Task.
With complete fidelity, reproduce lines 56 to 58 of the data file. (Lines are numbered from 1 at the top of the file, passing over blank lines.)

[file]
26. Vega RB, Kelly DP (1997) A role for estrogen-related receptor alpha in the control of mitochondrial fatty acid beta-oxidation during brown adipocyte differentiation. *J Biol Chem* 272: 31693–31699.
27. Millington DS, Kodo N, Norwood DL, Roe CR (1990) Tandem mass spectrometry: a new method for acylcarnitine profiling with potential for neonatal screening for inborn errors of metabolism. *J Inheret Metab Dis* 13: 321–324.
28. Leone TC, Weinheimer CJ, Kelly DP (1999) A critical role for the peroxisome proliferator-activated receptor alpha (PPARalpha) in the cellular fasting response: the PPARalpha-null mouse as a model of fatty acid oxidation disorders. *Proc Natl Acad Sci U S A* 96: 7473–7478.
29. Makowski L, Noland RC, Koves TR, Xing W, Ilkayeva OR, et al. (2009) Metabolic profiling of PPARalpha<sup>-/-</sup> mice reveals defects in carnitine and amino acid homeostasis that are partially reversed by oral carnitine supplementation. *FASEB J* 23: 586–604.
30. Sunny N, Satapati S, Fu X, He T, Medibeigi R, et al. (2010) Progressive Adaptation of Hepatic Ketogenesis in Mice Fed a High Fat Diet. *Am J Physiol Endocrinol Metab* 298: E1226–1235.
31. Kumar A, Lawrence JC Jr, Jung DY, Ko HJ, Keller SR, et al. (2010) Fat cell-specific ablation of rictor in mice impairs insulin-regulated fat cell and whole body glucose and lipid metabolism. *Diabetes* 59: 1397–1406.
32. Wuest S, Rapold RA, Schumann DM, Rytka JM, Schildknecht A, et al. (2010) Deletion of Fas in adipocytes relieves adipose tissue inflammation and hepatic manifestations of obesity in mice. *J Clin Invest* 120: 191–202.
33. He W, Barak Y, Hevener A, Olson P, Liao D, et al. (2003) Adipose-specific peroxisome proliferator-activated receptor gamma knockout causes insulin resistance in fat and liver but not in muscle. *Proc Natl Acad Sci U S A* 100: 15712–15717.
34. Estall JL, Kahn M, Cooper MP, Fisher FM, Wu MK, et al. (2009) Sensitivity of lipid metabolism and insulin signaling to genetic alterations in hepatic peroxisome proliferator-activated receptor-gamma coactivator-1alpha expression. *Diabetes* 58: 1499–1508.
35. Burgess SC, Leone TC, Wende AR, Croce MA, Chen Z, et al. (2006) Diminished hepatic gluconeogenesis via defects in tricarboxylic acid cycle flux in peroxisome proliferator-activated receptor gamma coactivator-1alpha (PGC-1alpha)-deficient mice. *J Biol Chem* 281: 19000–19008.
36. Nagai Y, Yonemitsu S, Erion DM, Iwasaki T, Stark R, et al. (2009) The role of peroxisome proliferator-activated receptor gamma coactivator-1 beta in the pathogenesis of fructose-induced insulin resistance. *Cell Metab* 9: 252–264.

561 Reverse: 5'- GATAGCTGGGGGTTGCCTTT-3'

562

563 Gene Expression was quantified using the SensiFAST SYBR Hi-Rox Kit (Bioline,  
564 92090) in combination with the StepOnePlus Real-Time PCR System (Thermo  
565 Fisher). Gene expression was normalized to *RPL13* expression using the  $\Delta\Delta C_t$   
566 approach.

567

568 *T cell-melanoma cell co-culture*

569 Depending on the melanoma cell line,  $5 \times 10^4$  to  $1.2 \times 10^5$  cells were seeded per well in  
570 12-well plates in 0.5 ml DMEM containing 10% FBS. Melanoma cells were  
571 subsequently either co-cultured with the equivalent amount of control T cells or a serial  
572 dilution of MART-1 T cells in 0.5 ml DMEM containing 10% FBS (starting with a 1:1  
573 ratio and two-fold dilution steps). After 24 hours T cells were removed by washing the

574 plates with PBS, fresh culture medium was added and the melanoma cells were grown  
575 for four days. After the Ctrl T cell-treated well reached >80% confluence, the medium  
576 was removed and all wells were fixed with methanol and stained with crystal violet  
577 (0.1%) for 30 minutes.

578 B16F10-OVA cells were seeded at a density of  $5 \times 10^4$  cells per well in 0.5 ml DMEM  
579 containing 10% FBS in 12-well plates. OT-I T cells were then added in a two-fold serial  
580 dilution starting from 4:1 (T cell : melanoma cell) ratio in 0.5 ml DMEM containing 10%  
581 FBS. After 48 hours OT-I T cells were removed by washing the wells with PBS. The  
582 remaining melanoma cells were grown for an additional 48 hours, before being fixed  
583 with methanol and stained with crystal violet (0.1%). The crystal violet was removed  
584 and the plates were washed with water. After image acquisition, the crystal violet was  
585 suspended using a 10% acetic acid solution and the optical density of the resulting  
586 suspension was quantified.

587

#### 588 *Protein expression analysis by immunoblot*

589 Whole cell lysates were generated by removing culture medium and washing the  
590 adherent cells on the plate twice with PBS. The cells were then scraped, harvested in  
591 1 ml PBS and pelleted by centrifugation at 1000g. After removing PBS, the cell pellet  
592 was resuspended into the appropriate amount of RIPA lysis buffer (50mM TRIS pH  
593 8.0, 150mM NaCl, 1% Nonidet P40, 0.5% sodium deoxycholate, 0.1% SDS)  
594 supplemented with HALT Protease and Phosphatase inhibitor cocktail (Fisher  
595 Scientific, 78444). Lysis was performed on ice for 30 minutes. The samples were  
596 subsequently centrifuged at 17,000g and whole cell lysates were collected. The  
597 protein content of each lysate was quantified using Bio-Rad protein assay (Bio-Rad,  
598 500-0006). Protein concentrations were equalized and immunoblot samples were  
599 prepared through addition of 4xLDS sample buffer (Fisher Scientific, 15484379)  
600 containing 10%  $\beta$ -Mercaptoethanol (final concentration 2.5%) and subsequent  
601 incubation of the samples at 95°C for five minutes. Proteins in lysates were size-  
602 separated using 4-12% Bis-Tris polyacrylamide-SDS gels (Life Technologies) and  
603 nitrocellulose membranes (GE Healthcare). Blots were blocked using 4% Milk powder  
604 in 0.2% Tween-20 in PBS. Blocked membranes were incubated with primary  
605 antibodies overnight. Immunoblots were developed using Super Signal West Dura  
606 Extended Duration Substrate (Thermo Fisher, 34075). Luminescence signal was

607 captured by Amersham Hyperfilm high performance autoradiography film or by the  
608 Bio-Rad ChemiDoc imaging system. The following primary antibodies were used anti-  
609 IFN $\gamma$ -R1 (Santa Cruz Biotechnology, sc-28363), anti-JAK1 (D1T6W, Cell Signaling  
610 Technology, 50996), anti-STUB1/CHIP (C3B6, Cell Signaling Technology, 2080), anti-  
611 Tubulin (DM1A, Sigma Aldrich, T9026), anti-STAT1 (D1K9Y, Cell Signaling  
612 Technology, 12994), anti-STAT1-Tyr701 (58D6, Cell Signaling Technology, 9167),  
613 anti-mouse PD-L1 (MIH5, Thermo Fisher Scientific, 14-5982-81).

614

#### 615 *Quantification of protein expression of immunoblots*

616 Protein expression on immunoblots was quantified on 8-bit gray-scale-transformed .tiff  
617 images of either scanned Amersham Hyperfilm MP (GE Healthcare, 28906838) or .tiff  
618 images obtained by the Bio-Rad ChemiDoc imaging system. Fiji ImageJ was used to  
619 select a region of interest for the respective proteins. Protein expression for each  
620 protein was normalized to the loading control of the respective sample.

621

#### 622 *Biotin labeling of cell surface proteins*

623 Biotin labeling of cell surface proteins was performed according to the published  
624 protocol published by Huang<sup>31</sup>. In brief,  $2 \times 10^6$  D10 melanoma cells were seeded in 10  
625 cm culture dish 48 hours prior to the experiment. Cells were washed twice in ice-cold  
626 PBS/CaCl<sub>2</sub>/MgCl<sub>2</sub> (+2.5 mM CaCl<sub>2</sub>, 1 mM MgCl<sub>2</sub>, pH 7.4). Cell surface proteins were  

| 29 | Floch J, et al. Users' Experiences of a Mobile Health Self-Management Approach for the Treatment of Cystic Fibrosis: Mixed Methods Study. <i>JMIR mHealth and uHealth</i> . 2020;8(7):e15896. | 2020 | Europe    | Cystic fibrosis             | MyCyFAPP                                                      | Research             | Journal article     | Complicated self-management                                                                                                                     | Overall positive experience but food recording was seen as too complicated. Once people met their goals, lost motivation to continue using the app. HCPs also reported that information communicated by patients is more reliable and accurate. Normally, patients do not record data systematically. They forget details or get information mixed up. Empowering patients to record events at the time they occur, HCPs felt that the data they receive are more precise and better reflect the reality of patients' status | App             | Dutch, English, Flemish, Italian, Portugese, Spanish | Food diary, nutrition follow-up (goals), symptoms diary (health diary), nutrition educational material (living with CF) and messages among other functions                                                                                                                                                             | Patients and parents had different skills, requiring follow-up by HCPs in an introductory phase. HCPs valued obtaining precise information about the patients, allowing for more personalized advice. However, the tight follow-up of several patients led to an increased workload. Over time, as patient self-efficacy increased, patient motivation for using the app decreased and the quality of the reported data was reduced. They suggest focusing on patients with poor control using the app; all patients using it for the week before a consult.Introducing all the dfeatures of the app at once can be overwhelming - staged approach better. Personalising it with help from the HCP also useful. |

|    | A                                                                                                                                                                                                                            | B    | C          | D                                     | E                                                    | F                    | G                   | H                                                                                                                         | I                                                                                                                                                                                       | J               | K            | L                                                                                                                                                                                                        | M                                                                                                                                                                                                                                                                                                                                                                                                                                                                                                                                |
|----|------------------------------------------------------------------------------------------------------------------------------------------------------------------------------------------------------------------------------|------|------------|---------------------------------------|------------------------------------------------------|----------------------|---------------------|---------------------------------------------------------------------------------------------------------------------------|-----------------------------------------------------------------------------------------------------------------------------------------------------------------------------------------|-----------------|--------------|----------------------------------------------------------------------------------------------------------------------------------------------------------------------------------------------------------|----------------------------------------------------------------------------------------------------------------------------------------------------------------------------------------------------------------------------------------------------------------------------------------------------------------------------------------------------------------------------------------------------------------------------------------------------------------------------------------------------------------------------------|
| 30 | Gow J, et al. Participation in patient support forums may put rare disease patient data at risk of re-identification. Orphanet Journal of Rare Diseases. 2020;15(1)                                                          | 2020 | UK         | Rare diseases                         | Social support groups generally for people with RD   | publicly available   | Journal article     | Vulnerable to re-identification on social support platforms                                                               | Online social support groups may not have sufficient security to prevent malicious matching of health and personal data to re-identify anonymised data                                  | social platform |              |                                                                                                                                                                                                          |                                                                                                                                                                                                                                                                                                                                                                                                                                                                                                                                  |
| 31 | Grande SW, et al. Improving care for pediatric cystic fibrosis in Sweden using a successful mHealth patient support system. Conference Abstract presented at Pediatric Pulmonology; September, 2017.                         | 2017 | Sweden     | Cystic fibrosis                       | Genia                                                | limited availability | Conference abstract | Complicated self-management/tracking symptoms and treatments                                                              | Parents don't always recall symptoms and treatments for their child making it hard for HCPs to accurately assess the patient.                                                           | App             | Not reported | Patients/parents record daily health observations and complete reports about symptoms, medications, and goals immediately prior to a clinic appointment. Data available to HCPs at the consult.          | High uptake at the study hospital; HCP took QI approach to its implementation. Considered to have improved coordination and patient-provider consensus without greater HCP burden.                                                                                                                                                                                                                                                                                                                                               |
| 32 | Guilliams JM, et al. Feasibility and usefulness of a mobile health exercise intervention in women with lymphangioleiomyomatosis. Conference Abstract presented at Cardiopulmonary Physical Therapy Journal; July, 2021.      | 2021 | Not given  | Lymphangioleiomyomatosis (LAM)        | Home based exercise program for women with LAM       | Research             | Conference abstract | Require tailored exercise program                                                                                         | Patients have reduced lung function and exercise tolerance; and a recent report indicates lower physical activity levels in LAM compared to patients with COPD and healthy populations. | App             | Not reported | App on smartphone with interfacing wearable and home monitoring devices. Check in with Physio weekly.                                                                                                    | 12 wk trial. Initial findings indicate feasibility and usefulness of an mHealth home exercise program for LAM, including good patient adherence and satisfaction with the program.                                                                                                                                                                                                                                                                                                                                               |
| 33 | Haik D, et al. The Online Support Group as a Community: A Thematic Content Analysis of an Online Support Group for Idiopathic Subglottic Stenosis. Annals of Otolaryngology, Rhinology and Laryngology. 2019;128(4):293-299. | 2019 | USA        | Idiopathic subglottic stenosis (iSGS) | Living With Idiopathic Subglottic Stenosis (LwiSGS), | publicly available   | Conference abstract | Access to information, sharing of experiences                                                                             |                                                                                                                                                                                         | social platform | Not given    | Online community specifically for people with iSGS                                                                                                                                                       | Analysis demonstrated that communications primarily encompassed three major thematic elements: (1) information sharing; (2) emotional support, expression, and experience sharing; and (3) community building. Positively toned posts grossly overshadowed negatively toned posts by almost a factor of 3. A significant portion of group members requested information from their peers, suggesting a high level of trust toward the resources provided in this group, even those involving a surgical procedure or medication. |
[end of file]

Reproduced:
605 antibodies overnight. Immunoblots were developed using Super Signal West Dura  
606 Extended Duration Substrate (Thermo Fisher, 34075). Luminescence signal was

607 captured by Amersham Hyperfilm high performance autoradiography film or by the  